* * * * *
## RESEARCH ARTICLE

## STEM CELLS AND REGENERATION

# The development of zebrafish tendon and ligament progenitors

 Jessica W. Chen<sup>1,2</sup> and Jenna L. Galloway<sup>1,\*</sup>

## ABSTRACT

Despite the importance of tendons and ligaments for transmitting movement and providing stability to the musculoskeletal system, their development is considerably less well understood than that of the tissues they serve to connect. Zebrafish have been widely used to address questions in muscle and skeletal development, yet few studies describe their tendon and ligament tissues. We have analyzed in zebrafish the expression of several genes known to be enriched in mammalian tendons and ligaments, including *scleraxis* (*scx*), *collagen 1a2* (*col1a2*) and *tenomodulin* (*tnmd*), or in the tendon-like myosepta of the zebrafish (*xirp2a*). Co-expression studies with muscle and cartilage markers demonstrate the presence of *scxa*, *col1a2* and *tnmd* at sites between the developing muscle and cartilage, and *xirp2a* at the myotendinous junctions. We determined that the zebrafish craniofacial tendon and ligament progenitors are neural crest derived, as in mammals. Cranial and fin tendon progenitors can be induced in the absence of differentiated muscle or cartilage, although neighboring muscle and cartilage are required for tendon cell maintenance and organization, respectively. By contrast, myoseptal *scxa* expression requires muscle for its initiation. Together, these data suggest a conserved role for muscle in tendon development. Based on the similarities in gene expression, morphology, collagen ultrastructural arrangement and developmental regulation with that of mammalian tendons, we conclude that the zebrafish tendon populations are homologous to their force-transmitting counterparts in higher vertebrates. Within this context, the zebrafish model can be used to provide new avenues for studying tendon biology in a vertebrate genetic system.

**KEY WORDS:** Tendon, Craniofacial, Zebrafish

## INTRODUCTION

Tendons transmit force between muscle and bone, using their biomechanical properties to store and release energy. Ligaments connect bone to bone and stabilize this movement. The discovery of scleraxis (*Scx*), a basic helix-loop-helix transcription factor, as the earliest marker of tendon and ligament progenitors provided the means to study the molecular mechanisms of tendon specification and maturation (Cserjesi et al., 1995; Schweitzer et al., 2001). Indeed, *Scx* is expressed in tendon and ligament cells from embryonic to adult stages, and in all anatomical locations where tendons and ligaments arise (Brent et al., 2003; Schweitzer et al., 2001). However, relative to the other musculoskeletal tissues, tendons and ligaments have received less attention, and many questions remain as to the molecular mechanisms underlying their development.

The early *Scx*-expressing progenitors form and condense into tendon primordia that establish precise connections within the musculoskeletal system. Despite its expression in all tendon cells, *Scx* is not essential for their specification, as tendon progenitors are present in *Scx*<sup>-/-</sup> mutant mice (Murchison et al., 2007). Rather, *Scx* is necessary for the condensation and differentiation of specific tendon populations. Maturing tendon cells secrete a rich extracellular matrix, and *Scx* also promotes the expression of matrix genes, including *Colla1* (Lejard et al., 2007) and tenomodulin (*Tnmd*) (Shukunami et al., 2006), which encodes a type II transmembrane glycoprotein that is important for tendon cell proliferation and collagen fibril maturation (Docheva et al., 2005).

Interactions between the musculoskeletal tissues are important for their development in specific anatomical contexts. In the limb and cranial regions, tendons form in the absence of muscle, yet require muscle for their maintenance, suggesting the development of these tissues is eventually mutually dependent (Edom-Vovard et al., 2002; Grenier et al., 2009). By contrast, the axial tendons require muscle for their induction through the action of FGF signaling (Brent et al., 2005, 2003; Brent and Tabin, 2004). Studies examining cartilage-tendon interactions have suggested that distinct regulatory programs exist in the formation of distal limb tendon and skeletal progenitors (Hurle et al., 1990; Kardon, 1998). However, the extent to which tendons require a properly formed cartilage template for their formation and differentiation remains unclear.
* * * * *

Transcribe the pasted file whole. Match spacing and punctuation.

## RESEARCH ARTICLE

## STEM CELLS AND REGENERATION

# The development of zebrafish tendon and ligament progenitors

 Jessica W. Chen<sup>1,2</sup> and Jenna L. Galloway<sup>1,\*</sup>

## ABSTRACT

Despite the importance of tendons and ligaments for transmitting movement and providing stability to the musculoskeletal system, their development is considerably less well understood than that of the tissues they serve to connect. Zebrafish have been widely used to address questions in muscle and skeletal development, yet few studies describe their tendon and ligament tissues. We have analyzed in zebrafish the expression of several genes known to be enriched in mammalian tendons and ligaments, including *scleraxis* (*scx*), *collagen 1a2* (*col1a2*) and *tenomodulin* (*tnmd*), or in the tendon-like myosepta of the zebrafish (*xirp2a*). Co-expression studies with muscle and cartilage markers demonstrate the presence of *scxa*, *col1a2* and *tnmd* at sites between the developing muscle and cartilage, and *xirp2a* at the myotendinous junctions. We determined that the zebrafish craniofacial tendon and ligament progenitors are neural crest derived, as in mammals. Cranial and fin tendon progenitors can be induced in the absence of differentiated muscle or cartilage, although neighboring muscle and cartilage are required for tendon cell maintenance and organization, respectively. By contrast, myoseptal *scxa* expression requires muscle for its initiation. Together, these data suggest a conserved role for muscle in tendon development. Based on the similarities in gene expression, morphology, collagen ultrastructural arrangement and developmental regulation with that of mammalian tendons, we conclude that the zebrafish tendon populations are homologous to their force-transmitting counterparts in higher vertebrates. Within this context, the zebrafish model can be used to provide new avenues for studying tendon biology in a vertebrate genetic system.

**KEY WORDS:** Tendon, Craniofacial, Zebrafish

## INTRODUCTION

Tendons transmit force between muscle and bone, using their biomechanical properties to store and release energy. Ligaments connect bone to bone and stabilize this movement. The discovery of scleraxis (*Scx*), a basic helix-loop-helix transcription factor, as the earliest marker of tendon and ligament progenitors provided the means to study the molecular mechanisms of tendon specification and maturation (Cserjesi et al., 1995; Schweitzer et al., 2001). Indeed, *Scx* is expressed in tendon and ligament cells from embryonic to adult stages, and in all anatomical locations where tendons and ligaments arise (Brent et al., 2003; Schweitzer et al., 2001). However, relative to the other musculoskeletal tissues, tendons and ligaments have received less attention, and many questions remain as to the molecular mechanisms underlying their development.

The early *Scx*-expressing progenitors form and condense into tendon primordia that establish precise connections within the musculoskeletal system. Despite its expression in all tendon cells, *Scx* is not essential for their specification, as tendon progenitors are present in *Scx*<sup>-/-</sup> mutant mice (Murchison et al., 2007). Rather, *Scx* is necessary for the condensation and differentiation of specific tendon populations. Maturing tendon cells secrete a rich extracellular matrix, and *Scx* also promotes the expression of matrix genes, including *Colla1* (Lejard et al., 2007) and tenomodulin (*Tnmd*) (Shukunami et al., 2006), which encodes a type II transmembrane glycoprotein that is important for tendon cell proliferation and collagen fibril maturation (Docheva et al., 2005).

Interactions between the musculoskeletal tissues are important for their development in specific anatomical contexts. In the limb and cranial regions, tendons form in the absence of muscle, yet require muscle for their maintenance, suggesting the development of these tissues is eventually mutually dependent (Edom-Vovard et al., 2002; Grenier et al., 2009). By contrast, the axial tendons require muscle for their induction through the action of FGF signaling (Brent et al., 2005, 2003; Brent and Tabin, 2004). Studies examining cartilage-tendon interactions have suggested that distinct regulatory programs exist in the formation of distal limb tendon and skeletal progenitors (Hurle et al., 1990; Kardon, 1998). However, the extent to which tendons require a properly formed cartilage template for their formation and differentiation remains unclear.